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Statue of The Republic

Coordinates: 41°46′46.6″N 87°34′47.7″W / 41.779611°N 87.579917°W / 41.779611; -87.579917
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Statue of The Republic
A one-third scale replica of The Republic, a centerpiece of the 1893 World's Columbian Exposition.
ArtistDaniel Chester French
Year1918 (replica of 1893 original)
Dimensions730 cm (24 ft)
LocationJackson Park, Chicago, Illinois
Coordinates41°46′46.6″N 87°34′47.7″W / 41.779611°N 87.579917°W / 41.779611; -87.579917

The Statue of The Republic is a 24-foot-high (7.3 m) gilded bronze sculpture in Jackson Park, Chicago, Illinois by Daniel Chester French. The colossal original statue, a centerpiece of the World's Columbian Exposition in 1893, was ordered afterwards to be destroyed by fire. A smaller-scale replica sculpted by the same artist was erected in 1918 in commemoration of both the 25th anniversary of the Exposition and the Illinois' statehood centennial. The replacement statue is at the south end of the park at the intersection of East Hayes and South Richards Drive, adjacent to the golf course and approximately where the exposition's Administration Building and Electricity Building once stood.[1] The statue was funded by the Benjamin Ferguson Fund,[2] which commissioned French to cast this recreation of the original 65-foot-tall (20 m) statue that stood on the grounds of the Exposition of 1893. Edith Minturn Stokes served as French's model for the original statue.[3] Henry Bacon, the architect of the Lincoln Memorial, designed the festooned pedestal for the replica.[4]

Daniel Chester French's original statue The Republic at the World's Columbian Exposition of 1893 in Chicago, facing the Administration Building across the Great Basin. This version had a Phrygian cap draped on the staff.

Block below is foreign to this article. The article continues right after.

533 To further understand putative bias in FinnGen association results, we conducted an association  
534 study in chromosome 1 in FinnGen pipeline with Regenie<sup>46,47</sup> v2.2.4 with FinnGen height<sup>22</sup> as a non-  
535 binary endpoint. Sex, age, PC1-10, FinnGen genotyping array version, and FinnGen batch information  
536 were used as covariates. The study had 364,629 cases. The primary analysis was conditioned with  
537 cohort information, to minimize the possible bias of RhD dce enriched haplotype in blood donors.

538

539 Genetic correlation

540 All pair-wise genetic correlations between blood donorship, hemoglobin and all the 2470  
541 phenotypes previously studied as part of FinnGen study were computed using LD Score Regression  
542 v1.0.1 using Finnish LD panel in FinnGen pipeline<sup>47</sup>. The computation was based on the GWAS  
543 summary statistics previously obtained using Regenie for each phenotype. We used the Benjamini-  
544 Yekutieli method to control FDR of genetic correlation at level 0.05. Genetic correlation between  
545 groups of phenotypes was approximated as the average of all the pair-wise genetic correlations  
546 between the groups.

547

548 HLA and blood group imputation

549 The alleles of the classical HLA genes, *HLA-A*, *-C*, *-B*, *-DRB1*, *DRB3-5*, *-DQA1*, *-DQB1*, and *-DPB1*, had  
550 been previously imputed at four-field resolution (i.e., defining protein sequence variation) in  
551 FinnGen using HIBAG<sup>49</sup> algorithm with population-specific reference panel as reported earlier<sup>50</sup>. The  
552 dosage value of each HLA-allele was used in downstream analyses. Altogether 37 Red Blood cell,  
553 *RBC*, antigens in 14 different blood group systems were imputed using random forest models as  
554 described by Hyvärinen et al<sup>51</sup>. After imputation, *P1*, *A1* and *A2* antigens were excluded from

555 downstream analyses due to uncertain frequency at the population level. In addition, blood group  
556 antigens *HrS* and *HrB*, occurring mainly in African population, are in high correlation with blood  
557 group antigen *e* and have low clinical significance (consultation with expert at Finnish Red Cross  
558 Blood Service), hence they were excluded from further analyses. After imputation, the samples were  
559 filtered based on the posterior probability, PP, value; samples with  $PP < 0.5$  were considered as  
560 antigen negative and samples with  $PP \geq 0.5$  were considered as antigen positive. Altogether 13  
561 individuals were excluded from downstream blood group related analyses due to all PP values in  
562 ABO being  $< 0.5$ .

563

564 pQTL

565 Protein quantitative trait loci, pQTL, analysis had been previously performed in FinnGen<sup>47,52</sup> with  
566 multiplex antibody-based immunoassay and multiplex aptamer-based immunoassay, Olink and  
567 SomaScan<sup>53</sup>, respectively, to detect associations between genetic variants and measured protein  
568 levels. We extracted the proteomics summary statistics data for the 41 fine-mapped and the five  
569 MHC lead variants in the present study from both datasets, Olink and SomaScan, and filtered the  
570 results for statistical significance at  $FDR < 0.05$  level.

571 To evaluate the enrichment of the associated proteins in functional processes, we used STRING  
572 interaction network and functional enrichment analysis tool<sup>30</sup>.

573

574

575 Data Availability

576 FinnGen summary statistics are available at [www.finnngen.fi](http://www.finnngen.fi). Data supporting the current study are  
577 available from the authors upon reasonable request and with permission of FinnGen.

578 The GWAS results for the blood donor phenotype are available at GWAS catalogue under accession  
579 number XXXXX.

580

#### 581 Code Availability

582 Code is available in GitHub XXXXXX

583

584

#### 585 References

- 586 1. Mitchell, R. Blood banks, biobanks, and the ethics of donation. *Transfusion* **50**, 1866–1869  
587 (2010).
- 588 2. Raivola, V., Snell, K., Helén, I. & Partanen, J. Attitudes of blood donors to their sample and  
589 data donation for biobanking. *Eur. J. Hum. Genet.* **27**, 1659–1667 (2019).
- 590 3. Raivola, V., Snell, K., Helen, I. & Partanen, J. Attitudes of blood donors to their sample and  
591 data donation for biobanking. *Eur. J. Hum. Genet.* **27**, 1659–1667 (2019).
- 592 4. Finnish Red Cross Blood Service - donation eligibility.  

The statue's right hand holds a globe, on which an eagle perches with wings spread. The other hand grasps a staff with a plaque that reads "liberty", partly obscured by an encircling laurel wreath. The original at the Exposition had a Phrygian cap on top of the staff. It was only partly gilded (no gold on the exposed skin of the head, neck and arms), but the replica is completely gilded.[5]

The original statue, constructed in 1893, stood in front of the Court of Honor, inside the Great Basin pool.[6][1] However, on August 28, 1896 that statue was destroyed by fire on order of the park commissioners.[7] The replacement statue stands in the area between the exposition's Electricity and Administration Buildings[8] (both demolished after the exposition), at the intersection of Richards Drive and Hayes Drive. One of two additional replicas of the statue stands in Forest Lawn Memorial Park in Glendale, California.

The statue is referred to by Chicago historians by the colloquial name, the "Golden Lady."[9] It was designated a Chicago Landmark on June 4, 2003.[1]

See also[edit]


  1. ^ a b c "Statue of The Republic". City of Chicago Department of Planning and Development, Landmarks Division. March 15, 2006. Archived from the original on December 26, 2008. Retrieved September 14, 2007.
  2. ^ Hermann, Andrew (August 9, 1991). "Public statues are lumberman's legacy to city". Chicago Sun-Times. Archived from the original on July 25, 2011. Retrieved March 18, 2009.
  3. ^ Morrone, Francis (1997), "The Ghost of Monsieur Stokes", City Journal (August), New York: The Manhattan Institute, archived from the original on January 3, 2011, retrieved August 2, 2015
  4. ^ Ira J. Bach and Mary Lackritz Gray, A Guide to Chicago's Public Sculpture, Chicago: Univ. of Chicago Press, 1983
  5. ^ "Jackson Park's The Republic". Hyde Park-Kenwood Community Conference. Archived from the original on September 3, 2003. Retrieved August 5, 2015.
  6. ^ Original photo
  7. ^ "Death of the Republic: The fiery end to the golden colossus of the 1893 World's Fair". The World's Fair Chicago 1893. August 28, 2021.
  8. ^ "Overlay of modern roads". Hyde Park-Kenwood Community Conference. Archived from the original on March 16, 2017. Retrieved August 5, 2015. The new statue is in the northern triangle.
  9. ^ "Jackson Park". Encyclopedia of Chicago. Retrieved April 18, 2012.

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